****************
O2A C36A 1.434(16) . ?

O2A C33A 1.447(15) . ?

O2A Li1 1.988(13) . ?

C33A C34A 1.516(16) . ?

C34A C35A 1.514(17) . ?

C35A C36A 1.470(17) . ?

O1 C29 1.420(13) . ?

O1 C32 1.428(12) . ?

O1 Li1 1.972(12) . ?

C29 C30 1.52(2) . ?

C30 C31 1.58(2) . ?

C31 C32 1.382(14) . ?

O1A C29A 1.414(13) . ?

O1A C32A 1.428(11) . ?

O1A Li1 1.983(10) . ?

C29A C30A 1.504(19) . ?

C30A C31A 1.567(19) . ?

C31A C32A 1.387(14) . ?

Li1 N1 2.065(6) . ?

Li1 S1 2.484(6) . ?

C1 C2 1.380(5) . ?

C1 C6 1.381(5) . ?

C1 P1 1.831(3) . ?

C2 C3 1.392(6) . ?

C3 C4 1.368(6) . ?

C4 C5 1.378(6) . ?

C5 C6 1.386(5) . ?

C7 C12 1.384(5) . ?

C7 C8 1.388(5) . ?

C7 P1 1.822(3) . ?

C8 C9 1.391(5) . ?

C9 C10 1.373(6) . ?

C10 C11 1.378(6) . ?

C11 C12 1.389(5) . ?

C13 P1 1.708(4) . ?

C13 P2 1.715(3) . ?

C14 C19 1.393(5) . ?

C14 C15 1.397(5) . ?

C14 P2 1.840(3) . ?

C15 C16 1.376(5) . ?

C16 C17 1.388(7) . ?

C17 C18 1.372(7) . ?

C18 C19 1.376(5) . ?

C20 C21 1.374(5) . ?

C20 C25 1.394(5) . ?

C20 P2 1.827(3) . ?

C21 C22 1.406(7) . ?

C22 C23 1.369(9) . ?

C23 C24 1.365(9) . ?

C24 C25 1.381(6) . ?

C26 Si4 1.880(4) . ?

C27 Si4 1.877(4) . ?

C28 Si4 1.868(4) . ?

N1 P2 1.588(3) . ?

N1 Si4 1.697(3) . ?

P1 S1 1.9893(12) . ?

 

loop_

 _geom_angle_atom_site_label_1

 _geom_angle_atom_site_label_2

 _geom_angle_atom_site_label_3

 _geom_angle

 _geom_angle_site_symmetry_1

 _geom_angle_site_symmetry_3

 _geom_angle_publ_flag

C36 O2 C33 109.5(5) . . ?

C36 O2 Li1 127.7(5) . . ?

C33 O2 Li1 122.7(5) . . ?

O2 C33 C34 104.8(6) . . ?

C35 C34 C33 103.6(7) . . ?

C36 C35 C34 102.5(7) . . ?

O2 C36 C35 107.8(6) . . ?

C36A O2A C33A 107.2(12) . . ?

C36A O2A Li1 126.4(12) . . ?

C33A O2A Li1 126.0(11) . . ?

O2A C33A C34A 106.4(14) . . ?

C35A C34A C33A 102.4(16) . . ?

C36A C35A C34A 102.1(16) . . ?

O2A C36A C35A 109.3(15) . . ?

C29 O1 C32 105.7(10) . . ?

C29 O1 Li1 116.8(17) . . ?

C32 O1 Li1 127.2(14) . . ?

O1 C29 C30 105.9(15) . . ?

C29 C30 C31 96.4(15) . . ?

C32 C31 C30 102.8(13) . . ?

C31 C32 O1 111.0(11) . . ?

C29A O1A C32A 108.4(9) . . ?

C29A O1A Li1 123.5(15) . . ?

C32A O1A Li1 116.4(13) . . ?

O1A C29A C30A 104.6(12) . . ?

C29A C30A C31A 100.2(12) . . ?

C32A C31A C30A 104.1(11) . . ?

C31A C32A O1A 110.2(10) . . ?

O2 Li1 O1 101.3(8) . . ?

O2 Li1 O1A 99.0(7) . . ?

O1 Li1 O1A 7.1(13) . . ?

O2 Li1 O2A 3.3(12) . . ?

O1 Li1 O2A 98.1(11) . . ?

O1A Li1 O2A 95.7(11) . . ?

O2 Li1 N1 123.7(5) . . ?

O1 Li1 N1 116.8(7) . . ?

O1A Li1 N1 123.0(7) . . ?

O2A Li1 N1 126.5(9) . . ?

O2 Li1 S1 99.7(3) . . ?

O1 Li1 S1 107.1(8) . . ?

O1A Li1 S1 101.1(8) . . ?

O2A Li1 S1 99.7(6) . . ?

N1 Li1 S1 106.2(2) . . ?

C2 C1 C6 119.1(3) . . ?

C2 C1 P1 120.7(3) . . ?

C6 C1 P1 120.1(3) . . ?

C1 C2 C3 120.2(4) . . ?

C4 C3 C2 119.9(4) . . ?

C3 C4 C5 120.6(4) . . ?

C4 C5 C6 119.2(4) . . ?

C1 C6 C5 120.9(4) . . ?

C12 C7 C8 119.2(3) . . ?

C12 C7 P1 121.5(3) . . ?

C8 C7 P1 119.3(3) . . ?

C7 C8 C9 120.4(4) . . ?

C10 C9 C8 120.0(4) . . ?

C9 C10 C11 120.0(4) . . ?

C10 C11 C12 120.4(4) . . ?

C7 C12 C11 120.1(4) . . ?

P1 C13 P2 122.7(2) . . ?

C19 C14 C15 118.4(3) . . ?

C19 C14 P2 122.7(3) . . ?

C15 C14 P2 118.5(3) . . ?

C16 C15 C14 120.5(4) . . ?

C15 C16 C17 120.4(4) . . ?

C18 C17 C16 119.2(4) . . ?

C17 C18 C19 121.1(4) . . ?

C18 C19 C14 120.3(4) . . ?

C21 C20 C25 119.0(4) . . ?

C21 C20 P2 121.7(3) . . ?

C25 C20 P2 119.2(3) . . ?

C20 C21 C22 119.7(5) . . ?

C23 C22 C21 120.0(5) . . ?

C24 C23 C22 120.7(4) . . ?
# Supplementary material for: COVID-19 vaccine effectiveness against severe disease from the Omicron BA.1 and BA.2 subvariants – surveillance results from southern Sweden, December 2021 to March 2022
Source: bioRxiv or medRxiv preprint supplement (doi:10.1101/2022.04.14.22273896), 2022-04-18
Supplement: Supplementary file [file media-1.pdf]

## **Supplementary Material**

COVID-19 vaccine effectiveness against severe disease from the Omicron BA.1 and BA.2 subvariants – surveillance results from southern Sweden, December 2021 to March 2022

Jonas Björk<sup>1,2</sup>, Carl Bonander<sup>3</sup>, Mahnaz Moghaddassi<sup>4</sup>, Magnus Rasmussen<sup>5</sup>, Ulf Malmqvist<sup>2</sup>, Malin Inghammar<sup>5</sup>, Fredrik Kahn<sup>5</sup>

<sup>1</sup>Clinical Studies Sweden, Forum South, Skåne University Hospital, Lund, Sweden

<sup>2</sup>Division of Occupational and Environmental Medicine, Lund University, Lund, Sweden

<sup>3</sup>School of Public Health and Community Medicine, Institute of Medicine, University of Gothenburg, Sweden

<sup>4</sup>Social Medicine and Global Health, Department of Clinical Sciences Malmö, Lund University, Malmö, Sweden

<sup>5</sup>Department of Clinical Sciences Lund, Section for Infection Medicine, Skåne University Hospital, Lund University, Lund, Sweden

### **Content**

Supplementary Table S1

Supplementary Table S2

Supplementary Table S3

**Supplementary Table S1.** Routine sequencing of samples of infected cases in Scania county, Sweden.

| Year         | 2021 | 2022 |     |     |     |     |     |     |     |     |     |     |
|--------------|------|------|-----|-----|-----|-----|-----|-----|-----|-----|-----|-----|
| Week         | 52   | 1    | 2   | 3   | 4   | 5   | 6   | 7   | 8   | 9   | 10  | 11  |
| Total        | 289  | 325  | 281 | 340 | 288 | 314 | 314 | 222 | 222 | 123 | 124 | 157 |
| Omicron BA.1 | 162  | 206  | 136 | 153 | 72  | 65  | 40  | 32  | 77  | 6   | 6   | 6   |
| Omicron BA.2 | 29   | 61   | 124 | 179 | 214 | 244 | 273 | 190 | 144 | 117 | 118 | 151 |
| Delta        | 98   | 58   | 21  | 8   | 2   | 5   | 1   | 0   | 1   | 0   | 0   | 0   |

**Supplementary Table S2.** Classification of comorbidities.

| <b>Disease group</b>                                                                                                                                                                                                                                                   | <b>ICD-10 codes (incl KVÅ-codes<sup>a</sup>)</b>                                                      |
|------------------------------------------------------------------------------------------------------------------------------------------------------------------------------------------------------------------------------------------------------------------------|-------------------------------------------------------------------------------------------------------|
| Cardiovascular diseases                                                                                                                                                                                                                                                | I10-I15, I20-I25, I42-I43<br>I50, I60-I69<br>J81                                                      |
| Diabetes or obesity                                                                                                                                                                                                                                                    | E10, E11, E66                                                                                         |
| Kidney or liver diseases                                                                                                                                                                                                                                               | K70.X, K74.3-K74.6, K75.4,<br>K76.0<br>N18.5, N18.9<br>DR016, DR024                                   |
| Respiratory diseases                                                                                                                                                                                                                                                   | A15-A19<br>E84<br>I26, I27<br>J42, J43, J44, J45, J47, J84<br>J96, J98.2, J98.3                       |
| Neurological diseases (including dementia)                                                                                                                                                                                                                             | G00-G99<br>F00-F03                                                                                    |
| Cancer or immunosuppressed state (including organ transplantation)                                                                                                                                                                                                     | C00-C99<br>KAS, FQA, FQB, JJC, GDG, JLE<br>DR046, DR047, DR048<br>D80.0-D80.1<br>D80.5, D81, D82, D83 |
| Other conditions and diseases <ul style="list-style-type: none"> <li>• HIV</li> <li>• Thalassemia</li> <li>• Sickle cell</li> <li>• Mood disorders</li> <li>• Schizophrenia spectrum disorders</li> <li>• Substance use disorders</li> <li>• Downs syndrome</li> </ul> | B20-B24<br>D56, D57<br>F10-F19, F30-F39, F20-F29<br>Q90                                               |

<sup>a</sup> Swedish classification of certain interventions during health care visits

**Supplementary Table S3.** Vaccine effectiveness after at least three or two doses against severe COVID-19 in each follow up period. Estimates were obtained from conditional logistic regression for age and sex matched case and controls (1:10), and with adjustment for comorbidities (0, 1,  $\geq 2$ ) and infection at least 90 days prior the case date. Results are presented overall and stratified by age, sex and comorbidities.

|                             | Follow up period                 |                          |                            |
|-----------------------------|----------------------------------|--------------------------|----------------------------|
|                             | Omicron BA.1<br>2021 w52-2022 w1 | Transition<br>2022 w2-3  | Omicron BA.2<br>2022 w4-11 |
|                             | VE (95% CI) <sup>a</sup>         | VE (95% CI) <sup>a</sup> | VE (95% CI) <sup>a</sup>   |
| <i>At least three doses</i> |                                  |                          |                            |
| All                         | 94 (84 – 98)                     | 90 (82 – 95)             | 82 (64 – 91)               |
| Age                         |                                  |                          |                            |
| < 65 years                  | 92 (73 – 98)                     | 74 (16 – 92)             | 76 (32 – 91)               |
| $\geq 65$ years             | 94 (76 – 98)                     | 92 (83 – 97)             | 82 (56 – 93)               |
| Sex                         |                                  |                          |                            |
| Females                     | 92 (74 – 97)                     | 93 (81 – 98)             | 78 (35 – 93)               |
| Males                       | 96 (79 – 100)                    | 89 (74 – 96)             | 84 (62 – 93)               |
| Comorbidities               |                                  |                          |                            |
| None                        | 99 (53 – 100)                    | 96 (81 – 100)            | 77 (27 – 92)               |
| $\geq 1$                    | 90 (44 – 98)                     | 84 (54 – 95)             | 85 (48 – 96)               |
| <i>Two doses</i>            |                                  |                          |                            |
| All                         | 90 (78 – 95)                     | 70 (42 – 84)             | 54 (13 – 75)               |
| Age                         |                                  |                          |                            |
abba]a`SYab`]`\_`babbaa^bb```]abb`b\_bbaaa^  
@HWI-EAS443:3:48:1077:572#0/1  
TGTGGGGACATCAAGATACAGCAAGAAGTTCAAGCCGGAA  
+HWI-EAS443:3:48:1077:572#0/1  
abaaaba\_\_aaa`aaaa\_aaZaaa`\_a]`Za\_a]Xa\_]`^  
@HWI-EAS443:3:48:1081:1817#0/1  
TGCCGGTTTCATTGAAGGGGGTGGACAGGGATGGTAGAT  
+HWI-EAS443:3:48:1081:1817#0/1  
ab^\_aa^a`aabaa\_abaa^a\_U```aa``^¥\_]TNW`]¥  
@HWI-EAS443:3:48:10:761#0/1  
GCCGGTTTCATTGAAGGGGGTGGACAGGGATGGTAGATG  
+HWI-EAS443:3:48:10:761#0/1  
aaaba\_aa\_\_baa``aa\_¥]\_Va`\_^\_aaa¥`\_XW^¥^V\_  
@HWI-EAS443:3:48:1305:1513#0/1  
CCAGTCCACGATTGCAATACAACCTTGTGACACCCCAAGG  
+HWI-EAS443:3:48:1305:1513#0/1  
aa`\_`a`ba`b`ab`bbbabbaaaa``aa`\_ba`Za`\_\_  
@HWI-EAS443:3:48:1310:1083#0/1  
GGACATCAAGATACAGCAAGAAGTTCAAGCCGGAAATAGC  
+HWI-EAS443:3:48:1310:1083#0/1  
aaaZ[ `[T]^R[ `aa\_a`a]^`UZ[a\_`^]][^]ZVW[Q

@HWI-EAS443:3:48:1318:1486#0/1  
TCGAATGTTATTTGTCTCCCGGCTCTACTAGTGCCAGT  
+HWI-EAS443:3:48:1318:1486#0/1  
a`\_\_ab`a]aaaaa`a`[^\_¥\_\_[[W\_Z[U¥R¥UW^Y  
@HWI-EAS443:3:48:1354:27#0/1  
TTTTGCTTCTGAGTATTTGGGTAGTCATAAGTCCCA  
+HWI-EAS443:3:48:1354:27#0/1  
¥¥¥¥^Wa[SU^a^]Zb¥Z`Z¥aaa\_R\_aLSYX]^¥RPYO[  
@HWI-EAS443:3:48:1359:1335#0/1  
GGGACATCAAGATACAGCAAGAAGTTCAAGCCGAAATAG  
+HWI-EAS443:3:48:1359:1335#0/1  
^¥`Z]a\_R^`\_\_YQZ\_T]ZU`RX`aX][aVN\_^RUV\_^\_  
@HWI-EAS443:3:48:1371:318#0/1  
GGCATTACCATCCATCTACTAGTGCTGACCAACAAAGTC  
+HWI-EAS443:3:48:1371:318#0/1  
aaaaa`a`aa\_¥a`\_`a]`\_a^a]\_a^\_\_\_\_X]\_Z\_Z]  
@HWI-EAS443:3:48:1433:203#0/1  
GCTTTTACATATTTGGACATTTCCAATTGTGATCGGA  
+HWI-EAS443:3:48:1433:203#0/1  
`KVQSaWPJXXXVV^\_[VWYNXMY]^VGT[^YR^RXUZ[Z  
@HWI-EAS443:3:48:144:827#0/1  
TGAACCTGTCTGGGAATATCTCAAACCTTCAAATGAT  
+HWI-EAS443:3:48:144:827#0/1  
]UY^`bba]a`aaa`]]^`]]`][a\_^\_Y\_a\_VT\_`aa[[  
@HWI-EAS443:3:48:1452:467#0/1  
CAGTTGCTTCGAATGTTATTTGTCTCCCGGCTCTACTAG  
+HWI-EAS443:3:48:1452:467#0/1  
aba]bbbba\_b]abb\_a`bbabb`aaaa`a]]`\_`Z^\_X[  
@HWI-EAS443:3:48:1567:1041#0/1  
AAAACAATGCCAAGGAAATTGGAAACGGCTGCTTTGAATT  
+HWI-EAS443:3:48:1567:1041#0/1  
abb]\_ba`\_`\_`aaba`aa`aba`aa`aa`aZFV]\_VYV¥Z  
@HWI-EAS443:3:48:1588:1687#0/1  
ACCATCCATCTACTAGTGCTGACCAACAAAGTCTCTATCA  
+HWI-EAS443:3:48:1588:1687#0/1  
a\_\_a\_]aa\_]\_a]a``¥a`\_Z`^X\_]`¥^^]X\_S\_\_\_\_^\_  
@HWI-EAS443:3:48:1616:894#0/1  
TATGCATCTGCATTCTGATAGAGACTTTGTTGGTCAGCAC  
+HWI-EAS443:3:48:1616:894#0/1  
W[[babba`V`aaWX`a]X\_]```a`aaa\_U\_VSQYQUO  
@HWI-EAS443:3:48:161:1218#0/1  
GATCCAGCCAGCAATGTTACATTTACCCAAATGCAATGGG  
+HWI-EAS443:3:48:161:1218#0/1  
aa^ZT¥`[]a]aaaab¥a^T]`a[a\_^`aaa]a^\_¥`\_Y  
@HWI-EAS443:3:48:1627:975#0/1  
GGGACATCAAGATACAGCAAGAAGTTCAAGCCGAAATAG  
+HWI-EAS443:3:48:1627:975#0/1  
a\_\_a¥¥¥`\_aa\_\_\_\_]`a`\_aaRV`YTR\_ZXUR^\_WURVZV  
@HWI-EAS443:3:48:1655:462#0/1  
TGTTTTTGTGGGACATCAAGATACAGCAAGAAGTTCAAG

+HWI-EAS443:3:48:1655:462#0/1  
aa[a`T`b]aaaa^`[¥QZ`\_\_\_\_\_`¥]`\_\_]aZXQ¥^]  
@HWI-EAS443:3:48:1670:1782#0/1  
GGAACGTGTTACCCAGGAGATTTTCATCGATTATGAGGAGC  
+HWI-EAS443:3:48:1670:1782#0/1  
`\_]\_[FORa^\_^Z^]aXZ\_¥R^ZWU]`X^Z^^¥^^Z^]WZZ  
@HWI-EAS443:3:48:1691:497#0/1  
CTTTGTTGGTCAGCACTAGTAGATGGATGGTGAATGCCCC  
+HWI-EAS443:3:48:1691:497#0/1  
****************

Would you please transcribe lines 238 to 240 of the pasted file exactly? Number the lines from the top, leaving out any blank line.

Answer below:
CAGTTGCTTCGAATGTTATTTGTCTCCCGGCTCTACTAG  
+HWI-EAS443:3:48:1452:467#0/1  
aba]bbbba\_b]abb\_a`bbabb`aaaa`a]]`\_`Z^\_X[  